The Colleges

The Colleges


What does it mean to be a physician and practice medicine?  The usual answers to this significant question include the following:  physicians promote individual and community health, prevent human suffering, relieve suffering caused by illness or disease when it does occur, prevent untimely death, pursue knowledge and truth as they relate to the human condition, and apply knowledge and truth—tempered with wisdom—in managing issues of health and disease in the care of patients, society, and the world community.

In reality, every physician answers the question of what it means to be a physician and practice medicine in their own individual way. One’s true answers consist of the efforts and the actions that make up the minutes, hours, days, and years of a physician’s professional life.  There is no final endpoint to the process of becoming and being a medical doctor.  As physicians, we are always in the process of becoming; we are always “practicing medicine”.  Medical school does not create physicians.  Medical school lays the foundation upon which the clinical and professional life of a physician is continually built and grows.

With these ideas foremost in our minds and hearts, the faculty and staff of the Colleges of the University of Washington School of Medicine recognize both the great privilege and solemn responsibility that has been entrusted to us in the training of medical students throughout medical school.


The Colleges have three primary goals:

  • To collaborate in creating and delivering an integrated curriculum of clinical skills and professionalism;
  • To teach in the Foundations of Clinical Medicine course in the Foundations Phase of the curriculum;
  • To provide a consistent faculty mentor to each student throughout their medical school career.


Each site in the WWAMI region (Washington, Wyoming, Alaska, Montana and Idaho) has its own College or Colleges, depending on the number of students at the site (larger sites have two Colleges, to meet our goal of smaller learning communities). Students are randomly assigned upon matriculation to one faculty mentor within a College.  Each College mentor is assigned a small group students in each entering class, and works with them throughout their medical school career.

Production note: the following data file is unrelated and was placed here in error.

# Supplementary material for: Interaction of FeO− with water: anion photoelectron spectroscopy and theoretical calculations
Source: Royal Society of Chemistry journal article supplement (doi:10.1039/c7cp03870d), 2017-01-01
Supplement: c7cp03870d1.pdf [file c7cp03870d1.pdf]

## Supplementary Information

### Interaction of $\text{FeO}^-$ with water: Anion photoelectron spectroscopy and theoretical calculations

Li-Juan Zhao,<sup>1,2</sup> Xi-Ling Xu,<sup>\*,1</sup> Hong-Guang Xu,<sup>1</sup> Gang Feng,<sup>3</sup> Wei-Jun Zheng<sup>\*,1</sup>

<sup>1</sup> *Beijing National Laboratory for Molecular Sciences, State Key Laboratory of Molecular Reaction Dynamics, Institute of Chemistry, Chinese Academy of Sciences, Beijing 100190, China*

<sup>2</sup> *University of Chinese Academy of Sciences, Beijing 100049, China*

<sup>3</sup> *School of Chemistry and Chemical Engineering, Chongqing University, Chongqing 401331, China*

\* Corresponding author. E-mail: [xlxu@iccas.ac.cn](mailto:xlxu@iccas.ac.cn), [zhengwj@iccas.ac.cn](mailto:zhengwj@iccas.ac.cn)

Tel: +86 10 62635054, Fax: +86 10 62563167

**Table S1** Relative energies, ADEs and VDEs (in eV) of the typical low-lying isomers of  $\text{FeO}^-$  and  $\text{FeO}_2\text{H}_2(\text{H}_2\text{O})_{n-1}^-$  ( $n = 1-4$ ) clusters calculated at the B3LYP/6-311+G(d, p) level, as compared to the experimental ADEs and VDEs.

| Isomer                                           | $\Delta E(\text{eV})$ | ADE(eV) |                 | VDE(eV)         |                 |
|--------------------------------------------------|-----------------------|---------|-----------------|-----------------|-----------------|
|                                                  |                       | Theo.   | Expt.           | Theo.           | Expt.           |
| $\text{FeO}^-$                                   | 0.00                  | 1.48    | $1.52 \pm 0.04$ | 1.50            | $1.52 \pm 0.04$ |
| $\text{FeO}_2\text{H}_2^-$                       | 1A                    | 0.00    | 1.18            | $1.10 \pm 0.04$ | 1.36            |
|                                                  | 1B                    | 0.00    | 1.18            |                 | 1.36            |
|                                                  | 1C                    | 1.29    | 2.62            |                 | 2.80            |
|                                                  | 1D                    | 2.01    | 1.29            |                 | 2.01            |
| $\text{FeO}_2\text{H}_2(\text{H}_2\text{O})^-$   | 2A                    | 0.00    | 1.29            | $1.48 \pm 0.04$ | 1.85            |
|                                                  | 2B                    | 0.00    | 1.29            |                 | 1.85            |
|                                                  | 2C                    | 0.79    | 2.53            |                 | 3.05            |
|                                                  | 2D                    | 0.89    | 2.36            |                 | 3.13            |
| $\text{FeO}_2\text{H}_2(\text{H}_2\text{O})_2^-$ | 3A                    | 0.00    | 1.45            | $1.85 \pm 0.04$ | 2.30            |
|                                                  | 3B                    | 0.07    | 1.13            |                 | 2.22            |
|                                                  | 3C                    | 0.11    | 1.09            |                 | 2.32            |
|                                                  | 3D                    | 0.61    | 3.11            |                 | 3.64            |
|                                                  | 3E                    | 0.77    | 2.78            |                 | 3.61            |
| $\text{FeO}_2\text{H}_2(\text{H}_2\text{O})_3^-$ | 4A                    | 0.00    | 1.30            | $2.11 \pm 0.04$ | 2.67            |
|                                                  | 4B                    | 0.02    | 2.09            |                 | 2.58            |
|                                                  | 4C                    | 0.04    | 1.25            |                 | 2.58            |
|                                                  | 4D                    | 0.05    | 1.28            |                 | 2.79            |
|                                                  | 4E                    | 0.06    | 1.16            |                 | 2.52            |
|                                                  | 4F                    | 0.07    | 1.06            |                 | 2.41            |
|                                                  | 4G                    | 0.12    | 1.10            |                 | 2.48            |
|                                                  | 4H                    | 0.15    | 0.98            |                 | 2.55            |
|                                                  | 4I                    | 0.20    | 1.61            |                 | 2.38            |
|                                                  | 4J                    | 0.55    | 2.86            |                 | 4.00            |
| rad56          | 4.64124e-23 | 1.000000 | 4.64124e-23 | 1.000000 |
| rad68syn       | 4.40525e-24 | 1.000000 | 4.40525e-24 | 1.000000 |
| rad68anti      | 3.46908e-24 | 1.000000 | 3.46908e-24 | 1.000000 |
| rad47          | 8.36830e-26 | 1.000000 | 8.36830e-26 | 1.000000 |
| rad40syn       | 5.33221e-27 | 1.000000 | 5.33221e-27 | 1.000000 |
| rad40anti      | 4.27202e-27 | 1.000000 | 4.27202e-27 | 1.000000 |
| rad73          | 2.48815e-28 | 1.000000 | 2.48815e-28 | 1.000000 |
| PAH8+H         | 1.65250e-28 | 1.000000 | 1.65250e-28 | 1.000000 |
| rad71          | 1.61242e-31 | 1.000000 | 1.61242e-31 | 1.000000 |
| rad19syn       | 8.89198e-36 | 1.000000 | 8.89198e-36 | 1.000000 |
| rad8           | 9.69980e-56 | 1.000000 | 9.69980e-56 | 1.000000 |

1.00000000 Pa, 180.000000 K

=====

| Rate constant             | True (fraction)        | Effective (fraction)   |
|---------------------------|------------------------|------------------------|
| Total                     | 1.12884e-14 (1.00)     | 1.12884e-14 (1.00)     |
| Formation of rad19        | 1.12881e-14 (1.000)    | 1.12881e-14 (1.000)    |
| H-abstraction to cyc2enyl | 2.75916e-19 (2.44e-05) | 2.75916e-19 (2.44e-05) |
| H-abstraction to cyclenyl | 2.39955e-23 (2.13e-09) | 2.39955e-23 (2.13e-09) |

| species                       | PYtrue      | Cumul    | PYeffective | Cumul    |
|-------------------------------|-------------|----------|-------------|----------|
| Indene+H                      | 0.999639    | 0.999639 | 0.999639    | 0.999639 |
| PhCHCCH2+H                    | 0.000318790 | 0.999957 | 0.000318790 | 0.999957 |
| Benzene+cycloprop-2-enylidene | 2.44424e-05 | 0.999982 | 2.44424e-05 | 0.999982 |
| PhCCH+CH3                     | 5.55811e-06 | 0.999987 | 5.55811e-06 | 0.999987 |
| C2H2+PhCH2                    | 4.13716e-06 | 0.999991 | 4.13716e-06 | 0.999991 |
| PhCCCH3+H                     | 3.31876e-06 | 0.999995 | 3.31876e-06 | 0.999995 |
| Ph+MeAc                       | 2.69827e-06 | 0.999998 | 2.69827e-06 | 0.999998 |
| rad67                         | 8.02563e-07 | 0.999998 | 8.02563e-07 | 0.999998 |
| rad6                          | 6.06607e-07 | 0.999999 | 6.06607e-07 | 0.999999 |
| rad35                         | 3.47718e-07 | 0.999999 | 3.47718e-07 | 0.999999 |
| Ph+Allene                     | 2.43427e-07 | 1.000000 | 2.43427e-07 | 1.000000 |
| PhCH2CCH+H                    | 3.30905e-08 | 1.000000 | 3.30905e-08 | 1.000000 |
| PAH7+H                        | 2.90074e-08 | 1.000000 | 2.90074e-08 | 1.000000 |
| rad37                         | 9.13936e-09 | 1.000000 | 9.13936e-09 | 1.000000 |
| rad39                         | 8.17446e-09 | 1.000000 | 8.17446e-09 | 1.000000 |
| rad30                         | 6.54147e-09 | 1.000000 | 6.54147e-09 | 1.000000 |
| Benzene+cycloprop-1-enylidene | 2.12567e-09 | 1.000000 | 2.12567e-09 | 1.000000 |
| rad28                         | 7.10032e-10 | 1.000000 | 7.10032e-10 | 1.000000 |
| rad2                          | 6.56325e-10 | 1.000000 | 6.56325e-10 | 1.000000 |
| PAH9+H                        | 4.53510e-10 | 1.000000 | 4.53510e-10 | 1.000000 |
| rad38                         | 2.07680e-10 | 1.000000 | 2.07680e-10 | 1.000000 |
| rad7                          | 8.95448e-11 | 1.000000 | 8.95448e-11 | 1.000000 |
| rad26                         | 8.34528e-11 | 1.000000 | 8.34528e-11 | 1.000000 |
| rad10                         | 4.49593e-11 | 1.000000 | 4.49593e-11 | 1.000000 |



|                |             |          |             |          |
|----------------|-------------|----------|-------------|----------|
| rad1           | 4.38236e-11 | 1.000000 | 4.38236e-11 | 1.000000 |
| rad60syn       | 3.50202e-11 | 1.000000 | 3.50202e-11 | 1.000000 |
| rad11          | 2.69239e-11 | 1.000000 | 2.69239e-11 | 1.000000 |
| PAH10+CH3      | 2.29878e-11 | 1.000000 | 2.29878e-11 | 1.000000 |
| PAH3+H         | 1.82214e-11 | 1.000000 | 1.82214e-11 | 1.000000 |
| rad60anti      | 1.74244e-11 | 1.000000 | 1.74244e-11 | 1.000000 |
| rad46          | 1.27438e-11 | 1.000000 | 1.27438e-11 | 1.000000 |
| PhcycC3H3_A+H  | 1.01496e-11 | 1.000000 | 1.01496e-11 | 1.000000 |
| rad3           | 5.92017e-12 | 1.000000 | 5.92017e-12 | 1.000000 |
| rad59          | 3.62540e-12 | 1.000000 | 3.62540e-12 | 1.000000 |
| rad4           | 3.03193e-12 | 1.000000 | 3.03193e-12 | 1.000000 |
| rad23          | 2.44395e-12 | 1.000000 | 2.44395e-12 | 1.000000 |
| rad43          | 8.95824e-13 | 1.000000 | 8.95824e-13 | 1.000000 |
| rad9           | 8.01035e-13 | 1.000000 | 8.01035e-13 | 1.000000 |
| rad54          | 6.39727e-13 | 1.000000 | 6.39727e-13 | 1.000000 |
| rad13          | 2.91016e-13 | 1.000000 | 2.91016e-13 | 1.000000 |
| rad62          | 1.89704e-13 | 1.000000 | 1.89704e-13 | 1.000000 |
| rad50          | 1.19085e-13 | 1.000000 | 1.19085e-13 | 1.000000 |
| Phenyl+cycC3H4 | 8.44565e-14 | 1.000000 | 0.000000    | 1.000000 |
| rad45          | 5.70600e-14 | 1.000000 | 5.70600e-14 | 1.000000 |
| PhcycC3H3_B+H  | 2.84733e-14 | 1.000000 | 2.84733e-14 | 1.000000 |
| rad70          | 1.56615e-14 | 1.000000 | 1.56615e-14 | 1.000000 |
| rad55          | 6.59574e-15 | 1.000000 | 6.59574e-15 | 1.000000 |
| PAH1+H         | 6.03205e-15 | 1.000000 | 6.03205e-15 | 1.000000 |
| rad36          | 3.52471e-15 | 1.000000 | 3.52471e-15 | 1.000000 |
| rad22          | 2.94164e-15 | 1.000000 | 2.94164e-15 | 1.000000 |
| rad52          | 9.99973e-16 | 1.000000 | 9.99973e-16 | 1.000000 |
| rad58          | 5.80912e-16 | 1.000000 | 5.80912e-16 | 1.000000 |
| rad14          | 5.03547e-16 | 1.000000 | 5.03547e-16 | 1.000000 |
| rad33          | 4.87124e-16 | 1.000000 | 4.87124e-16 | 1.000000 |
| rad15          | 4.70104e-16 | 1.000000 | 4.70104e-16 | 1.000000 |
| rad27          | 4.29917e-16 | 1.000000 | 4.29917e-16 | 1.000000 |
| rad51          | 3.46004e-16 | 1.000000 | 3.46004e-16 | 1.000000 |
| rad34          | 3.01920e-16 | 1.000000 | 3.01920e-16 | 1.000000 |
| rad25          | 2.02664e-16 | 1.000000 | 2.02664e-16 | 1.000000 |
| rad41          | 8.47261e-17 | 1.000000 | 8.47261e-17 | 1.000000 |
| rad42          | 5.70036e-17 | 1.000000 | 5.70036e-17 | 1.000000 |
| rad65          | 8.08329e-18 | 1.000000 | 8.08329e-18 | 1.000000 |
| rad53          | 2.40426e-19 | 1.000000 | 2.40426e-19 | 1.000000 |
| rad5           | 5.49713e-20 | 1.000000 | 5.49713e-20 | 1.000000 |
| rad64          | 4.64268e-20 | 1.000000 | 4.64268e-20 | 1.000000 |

One of the main responsibilities of the Colleges is to oversee a four-year integrated curriculum of clinical skills and professionalism.  There are five areas of clinical skills with developmental benchmarks identified for each year:

  • Interview skills, including taking a patient history;
  • Diagnostic and physical exam skills;
  • Clinical reasoning and interpretation skills;
  • Communication skills (with patients and colleagues) including both written and oral case presentation skills
  • Professionalism and ethics;

Although they are described uniquely, there is considerable overlap between the five areas.  As students move through medical school training, they are provided with more specific, detailed benchmarks.  These benchmarks are regularly refined and deepened to enhance their usefulness in helping students identify appropriate learning goals for each academic quarter or clerkship.

Each student uses a web-based educational learning portfolio to document their work and progress in the skills development curriculum.  This enables students and their mentors to monitor progress in specific areas against defined benchmarks throughout the four years and provide appropriate guidance.  The portfolio includes students’ write-ups with their mentors’ comments, “reflections” on various elements of the curriculum, and copies of their feedback on their performance each quarter.  The College mentors also have access to their students’ academic files and receive copies of letters sent to their students regarding their academic progress and modifications in their academic plans. They do not participate in formal evaluation (this is done by the Foundations of Clinical Medicine course directors, as the role of the mentor is formative rather than evaluative).

The Colleges system is also a primary source of mentoring for students.  This includes quarterly face-to-face (or phone or video conference) meetings; regular check-in via phone or email to monitor student progress and completion of required components of the curriculum (maintained in student portfolios); and academic and career counseling (in partnership with our colleagues in Student Affairs and individual departments).



Spokane College faculty gathering in Seattle for professional development (and fun!)